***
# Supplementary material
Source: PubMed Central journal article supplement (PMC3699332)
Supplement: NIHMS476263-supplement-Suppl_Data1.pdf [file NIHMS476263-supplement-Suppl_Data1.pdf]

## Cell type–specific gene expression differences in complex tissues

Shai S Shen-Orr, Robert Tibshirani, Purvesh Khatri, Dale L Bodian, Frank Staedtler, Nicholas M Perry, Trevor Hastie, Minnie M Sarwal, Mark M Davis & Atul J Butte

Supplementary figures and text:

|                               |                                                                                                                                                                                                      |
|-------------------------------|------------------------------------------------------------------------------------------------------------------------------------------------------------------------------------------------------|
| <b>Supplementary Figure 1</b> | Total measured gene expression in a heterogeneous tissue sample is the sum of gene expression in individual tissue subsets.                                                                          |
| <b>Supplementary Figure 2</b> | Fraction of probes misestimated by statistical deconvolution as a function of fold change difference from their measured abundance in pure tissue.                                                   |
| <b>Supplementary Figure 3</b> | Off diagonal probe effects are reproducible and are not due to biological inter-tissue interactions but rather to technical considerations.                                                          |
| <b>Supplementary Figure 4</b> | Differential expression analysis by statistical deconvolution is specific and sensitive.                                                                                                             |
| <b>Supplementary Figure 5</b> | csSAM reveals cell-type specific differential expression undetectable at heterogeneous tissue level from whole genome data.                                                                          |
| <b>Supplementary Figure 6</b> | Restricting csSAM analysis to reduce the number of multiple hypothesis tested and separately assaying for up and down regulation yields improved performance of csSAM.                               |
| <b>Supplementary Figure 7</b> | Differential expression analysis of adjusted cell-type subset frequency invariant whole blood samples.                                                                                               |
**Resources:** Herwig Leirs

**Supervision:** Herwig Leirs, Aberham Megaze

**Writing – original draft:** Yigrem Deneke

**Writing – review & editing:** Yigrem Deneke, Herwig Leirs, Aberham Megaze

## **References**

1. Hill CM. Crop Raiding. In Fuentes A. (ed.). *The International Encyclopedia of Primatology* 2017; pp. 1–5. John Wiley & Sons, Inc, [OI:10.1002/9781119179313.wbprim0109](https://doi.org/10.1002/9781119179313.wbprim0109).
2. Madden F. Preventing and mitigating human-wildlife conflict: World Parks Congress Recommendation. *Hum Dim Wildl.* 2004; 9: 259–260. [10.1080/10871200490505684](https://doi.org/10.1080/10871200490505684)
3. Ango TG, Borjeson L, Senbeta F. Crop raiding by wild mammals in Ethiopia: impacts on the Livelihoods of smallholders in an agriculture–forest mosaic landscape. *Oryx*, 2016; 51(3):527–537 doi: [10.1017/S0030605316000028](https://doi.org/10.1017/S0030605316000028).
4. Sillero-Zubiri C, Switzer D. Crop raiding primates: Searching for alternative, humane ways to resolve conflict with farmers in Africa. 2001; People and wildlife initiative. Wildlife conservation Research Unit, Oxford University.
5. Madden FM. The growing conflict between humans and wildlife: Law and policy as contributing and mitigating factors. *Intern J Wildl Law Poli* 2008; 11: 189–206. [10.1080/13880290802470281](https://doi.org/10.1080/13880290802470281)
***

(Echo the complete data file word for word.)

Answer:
# Supplementary material
Source: PubMed Central journal article supplement (PMC3699332)
Supplement: NIHMS476263-supplement-Suppl_Data1.pdf [file NIHMS476263-supplement-Suppl_Data1.pdf]

## Cell type–specific gene expression differences in complex tissues

Shai S Shen-Orr, Robert Tibshirani, Purvesh Khatri, Dale L Bodian, Frank Staedtler, Nicholas M Perry, Trevor Hastie, Minnie M Sarwal, Mark M Davis & Atul J Butte

Supplementary figures and text:

|                               |                                                                                                                                                                                                      |
|-------------------------------|------------------------------------------------------------------------------------------------------------------------------------------------------------------------------------------------------|
| <b>Supplementary Figure 1</b> | Total measured gene expression in a heterogeneous tissue sample is the sum of gene expression in individual tissue subsets.                                                                          |
| <b>Supplementary Figure 2</b> | Fraction of probes misestimated by statistical deconvolution as a function of fold change difference from their measured abundance in pure tissue.                                                   |
| <b>Supplementary Figure 3</b> | Off diagonal probe effects are reproducible and are not due to biological inter-tissue interactions but rather to technical considerations.                                                          |
| <b>Supplementary Figure 4</b> | Differential expression analysis by statistical deconvolution is specific and sensitive.                                                                                                             |
| <b>Supplementary Figure 5</b> | csSAM reveals cell-type specific differential expression undetectable at heterogeneous tissue level from whole genome data.                                                                          |
| <b>Supplementary Figure 6</b> | Restricting csSAM analysis to reduce the number of multiple hypothesis tested and separately assaying for up and down regulation yields improved performance of csSAM.                               |
| <b>Supplementary Figure 7</b> | Differential expression analysis of adjusted cell-type subset frequency invariant whole blood samples.                                                                                               |
**Resources:** Herwig Leirs

**Supervision:** Herwig Leirs, Aberham Megaze

**Writing – original draft:** Yigrem Deneke

**Writing – review & editing:** Yigrem Deneke, Herwig Leirs, Aberham Megaze

## **References**

1. Hill CM. Crop Raiding. In Fuentes A. (ed.). *The International Encyclopedia of Primatology* 2017; pp. 1–5. John Wiley & Sons, Inc, [OI:10.1002/9781119179313.wbprim0109](https://doi.org/10.1002/9781119179313.wbprim0109).
2. Madden F. Preventing and mitigating human-wildlife conflict: World Parks Congress Recommendation. *Hum Dim Wildl.* 2004; 9: 259–260. [10.1080/10871200490505684](https://doi.org/10.1080/10871200490505684)
3. Ango TG, Borjeson L, Senbeta F. Crop raiding by wild mammals in Ethiopia: impacts on the Livelihoods of smallholders in an agriculture–forest mosaic landscape. *Oryx*, 2016; 51(3):527–537 doi: [10.1017/S0030605316000028](https://doi.org/10.1017/S0030605316000028).
4. Sillero-Zubiri C, Switzer D. Crop raiding primates: Searching for alternative, humane ways to resolve conflict with farmers in Africa. 2001; People and wildlife initiative. Wildlife conservation Research Unit, Oxford University.
5. Madden FM. The growing conflict between humans and wildlife: Law and policy as contributing and mitigating factors. *Intern J Wildl Law Poli* 2008; 11: 189–206. [10.1080/13880290802470281](https://doi.org/10.1080/13880290802470281)